A little over a quarter of a century after Pope John Paul II hailed the European Union as a “beacon of civilization”, Pope Francis, addressing the European Parliament on Tuesday, made it clear that after 20 months in the Vatican, he could not think more differently.
Standing before 700 MEP’s in Strasbourg, Argentinian-born Pope Francis - the first non-European to hold office in almost 1,300 years - criticized the EU in a strongly worded speech, accusing it of passing a series of aged, bureaucratic and narcissistic policies that have left Europe “elderly and haggard”.
The four-hour visit to Strasbourg was the shortest ever made by any Pope abroad, and only his second European trip outside of Italy during his time in office.
However, the message of his 36-minute speech was clear: the Roman Catholic Church’s traditionally unconditional support for the EU is, well, conditional.
Francis, 77, described the continent as a "grandmother, no longer fertile and vibrant" saying it risked "slowly losing its own soul".
“We encounter a general impression of weariness and ageing,” he told the assembly.
Francis criticised Europe as having become hostage to a “uniformity” of Eurozone policies that dictate public spending and undermine democracy.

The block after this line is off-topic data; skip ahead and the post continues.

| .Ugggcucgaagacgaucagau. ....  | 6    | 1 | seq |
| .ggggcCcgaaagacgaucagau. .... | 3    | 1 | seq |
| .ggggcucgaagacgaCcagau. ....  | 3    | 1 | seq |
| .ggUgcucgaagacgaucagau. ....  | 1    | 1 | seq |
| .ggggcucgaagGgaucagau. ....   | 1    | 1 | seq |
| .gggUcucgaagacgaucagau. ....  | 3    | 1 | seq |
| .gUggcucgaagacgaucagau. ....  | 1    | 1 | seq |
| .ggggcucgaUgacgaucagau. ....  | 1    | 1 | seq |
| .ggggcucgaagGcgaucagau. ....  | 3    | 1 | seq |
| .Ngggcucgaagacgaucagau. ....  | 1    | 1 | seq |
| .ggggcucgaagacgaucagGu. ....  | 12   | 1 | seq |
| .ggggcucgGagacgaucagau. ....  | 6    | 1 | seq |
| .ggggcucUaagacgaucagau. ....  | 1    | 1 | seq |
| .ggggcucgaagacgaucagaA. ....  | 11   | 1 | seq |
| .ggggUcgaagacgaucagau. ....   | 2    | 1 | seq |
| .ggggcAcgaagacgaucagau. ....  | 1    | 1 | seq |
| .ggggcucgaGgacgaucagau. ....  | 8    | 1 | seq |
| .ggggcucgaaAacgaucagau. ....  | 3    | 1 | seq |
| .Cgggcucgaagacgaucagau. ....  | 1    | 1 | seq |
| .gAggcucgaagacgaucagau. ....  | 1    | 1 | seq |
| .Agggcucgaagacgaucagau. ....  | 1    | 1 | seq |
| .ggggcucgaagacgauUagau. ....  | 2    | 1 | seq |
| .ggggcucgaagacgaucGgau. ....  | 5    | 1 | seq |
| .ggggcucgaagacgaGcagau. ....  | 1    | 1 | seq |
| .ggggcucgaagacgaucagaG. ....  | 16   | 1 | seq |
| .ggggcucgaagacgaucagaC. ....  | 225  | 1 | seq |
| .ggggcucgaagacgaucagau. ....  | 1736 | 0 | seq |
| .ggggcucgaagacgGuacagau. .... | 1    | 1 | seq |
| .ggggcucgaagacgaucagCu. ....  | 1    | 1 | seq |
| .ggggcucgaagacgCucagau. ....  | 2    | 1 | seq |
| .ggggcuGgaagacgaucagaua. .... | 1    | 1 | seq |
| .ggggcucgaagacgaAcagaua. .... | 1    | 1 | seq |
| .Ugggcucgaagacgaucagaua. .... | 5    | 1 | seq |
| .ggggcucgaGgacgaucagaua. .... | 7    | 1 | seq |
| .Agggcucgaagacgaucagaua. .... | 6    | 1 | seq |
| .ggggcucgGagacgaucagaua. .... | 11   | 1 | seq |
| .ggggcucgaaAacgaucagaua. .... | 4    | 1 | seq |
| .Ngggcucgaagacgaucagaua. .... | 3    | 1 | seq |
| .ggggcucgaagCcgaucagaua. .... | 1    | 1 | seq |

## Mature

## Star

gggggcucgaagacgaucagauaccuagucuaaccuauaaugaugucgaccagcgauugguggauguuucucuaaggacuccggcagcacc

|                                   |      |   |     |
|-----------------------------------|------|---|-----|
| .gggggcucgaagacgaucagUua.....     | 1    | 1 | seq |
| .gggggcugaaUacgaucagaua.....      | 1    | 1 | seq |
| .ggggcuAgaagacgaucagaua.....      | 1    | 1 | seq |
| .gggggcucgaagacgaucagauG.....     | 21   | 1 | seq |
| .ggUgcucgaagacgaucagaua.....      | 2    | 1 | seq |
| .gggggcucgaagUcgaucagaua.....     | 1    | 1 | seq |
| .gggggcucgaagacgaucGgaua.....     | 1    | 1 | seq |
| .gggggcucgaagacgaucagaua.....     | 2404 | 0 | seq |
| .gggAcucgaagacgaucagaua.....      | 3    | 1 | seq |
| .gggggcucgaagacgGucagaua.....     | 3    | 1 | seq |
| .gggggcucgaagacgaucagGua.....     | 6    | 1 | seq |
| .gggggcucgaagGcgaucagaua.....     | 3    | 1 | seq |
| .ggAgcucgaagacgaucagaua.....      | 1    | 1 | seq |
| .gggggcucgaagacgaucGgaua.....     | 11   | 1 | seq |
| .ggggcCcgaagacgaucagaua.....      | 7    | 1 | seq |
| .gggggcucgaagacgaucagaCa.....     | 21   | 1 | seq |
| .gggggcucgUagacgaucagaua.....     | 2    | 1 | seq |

“It is no secret that a conception of unity seen as uniformity strikes at the vitality of the democratic system, weakening the rich, fruitful and constructive interplay of organisations and political parties,” he said.
“Unity does not mean uniformity,” he added, criticising “uniform systems of economic power in the service of unseen empires”.
Attacking the West’s contemporary “throwaway culture”, Francis said that human rights were being forgotten, especially those of “the poorest of the poor”, in favour of individualistic egotism.
“Men and women risk being reduced to mere cogs in a machine that treats them as items of consumption to be exploited, with the result that – as is so tragically apparent – whenever a human life no longer proves useful for that machine, it is discarded with few qualms, as in the case of the terminally ill, the elderly who are abandoned and uncared for, and children who are killed in the womb,” he said.
This, he said was “downright harmful” to the peoples of Europe, causing the rest of the world to view it with “aloofness, distrust and suspicion”.
Also harmful, he said are the EU’s damaging immigration policies. "The absence of mutual support within the European Union runs the risk of encouraging... solutions which fail to take into account the human dignity of immigrants, and thus contribute to slave labour and continuing social tensions."
He called for a “united response” following the deaths of thousands of migrants who drowned trying to cross the Mediterranean from Northern Africa and the Middle East to Europe.
“We cannot allow the Mediterranean to become a vast graveyard,” he said.
In his final words in a speech devoted to the centrality of human dignity, Pope Francis called on secular Europeans to recognize Christianity, seen “in the beauty of our cities, and even more in the beauty of the many works of charity and constructive cooperation throughout this continent”.
“This history, in large part, must still be written. It is our present and our future. It is our identity. Europe urgently needs to recover its true features in order to grow, as its founders intended, in peace and harmony, since it is not yet free of conflicts,” he said.